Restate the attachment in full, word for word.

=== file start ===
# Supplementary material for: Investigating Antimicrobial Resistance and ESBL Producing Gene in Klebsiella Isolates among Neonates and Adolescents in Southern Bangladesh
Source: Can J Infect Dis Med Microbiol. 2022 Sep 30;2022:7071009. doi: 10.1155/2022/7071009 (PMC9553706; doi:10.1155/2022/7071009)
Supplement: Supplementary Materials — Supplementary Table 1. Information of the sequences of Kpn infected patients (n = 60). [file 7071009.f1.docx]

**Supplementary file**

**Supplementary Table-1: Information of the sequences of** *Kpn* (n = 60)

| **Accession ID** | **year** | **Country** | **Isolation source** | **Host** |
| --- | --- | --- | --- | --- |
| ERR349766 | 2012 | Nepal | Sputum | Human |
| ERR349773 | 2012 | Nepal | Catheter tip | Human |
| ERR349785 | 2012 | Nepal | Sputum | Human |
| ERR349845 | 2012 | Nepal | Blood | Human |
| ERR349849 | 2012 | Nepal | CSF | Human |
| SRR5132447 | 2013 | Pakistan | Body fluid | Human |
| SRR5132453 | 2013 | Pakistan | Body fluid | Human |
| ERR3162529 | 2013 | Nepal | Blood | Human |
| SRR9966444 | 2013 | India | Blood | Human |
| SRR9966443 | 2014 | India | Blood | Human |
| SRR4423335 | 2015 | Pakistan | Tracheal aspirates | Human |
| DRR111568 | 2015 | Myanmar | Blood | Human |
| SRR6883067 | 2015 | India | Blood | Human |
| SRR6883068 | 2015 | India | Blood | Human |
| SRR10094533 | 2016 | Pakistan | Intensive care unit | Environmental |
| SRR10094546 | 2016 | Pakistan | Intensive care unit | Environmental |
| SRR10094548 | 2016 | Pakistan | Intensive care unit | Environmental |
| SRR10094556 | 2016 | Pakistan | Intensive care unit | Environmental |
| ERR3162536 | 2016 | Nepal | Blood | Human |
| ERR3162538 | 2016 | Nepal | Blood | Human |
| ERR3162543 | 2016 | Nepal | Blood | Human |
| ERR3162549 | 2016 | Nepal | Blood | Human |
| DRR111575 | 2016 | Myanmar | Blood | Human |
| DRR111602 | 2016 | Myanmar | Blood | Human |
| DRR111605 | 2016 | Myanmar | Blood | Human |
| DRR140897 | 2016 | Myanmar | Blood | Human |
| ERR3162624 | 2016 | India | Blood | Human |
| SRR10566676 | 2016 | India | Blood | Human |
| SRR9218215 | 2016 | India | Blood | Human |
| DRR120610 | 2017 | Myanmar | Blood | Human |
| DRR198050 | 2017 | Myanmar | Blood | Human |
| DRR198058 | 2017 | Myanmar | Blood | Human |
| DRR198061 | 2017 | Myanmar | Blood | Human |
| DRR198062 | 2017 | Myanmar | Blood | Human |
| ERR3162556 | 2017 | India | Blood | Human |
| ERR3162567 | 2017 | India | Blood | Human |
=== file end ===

# Supplementary material for: Investigating Antimicrobial Resistance and ESBL Producing Gene in Klebsiella Isolates among Neonates and Adolescents in Southern Bangladesh
Source: Can J Infect Dis Med Microbiol. 2022 Sep 30;2022:7071009. doi: 10.1155/2022/7071009 (PMC9553706; doi:10.1155/2022/7071009)
Supplement: Supplementary Materials — Supplementary Table 1. Information of the sequences of Kpn infected patients (n = 60). [file 7071009.f1.docx]

**Supplementary file**

**Supplementary Table-1: Information of the sequences of** *Kpn* (n = 60)

| **Accession ID** | **year** | **Country** | **Isolation source** | **Host** |
| --- | --- | --- | --- | --- |
| ERR349766 | 2012 | Nepal | Sputum | Human |
| ERR349773 | 2012 | Nepal | Catheter tip | Human |
| ERR349785 | 2012 | Nepal | Sputum | Human |
| ERR349845 | 2012 | Nepal | Blood | Human |
| ERR349849 | 2012 | Nepal | CSF | Human |
| SRR5132447 | 2013 | Pakistan | Body fluid | Human |
| SRR5132453 | 2013 | Pakistan | Body fluid | Human |
| ERR3162529 | 2013 | Nepal | Blood | Human |
| SRR9966444 | 2013 | India | Blood | Human |
| SRR9966443 | 2014 | India | Blood | Human |
| SRR4423335 | 2015 | Pakistan | Tracheal aspirates | Human |
| DRR111568 | 2015 | Myanmar | Blood | Human |
| SRR6883067 | 2015 | India | Blood | Human |
| SRR6883068 | 2015 | India | Blood | Human |
| SRR10094533 | 2016 | Pakistan | Intensive care unit | Environmental |
| SRR10094546 | 2016 | Pakistan | Intensive care unit | Environmental |
| SRR10094548 | 2016 | Pakistan | Intensive care unit | Environmental |
| SRR10094556 | 2016 | Pakistan | Intensive care unit | Environmental |
| ERR3162536 | 2016 | Nepal | Blood | Human |
| ERR3162538 | 2016 | Nepal | Blood | Human |
| ERR3162543 | 2016 | Nepal | Blood | Human |
| ERR3162549 | 2016 | Nepal | Blood | Human |
| DRR111575 | 2016 | Myanmar | Blood | Human |
| DRR111602 | 2016 | Myanmar | Blood | Human |
| DRR111605 | 2016 | Myanmar | Blood | Human |
| DRR140897 | 2016 | Myanmar | Blood | Human |
| ERR3162624 | 2016 | India | Blood | Human |
| SRR10566676 | 2016 | India | Blood | Human |
| SRR9218215 | 2016 | India | Blood | Human |
| DRR120610 | 2017 | Myanmar | Blood | Human |
| DRR198050 | 2017 | Myanmar | Blood | Human |
| DRR198058 | 2017 | Myanmar | Blood | Human |
| DRR198061 | 2017 | Myanmar | Blood | Human |
| DRR198062 | 2017 | Myanmar | Blood | Human |
| ERR3162556 | 2017 | India | Blood | Human |
| ERR3162567 | 2017 | India | Blood | Human |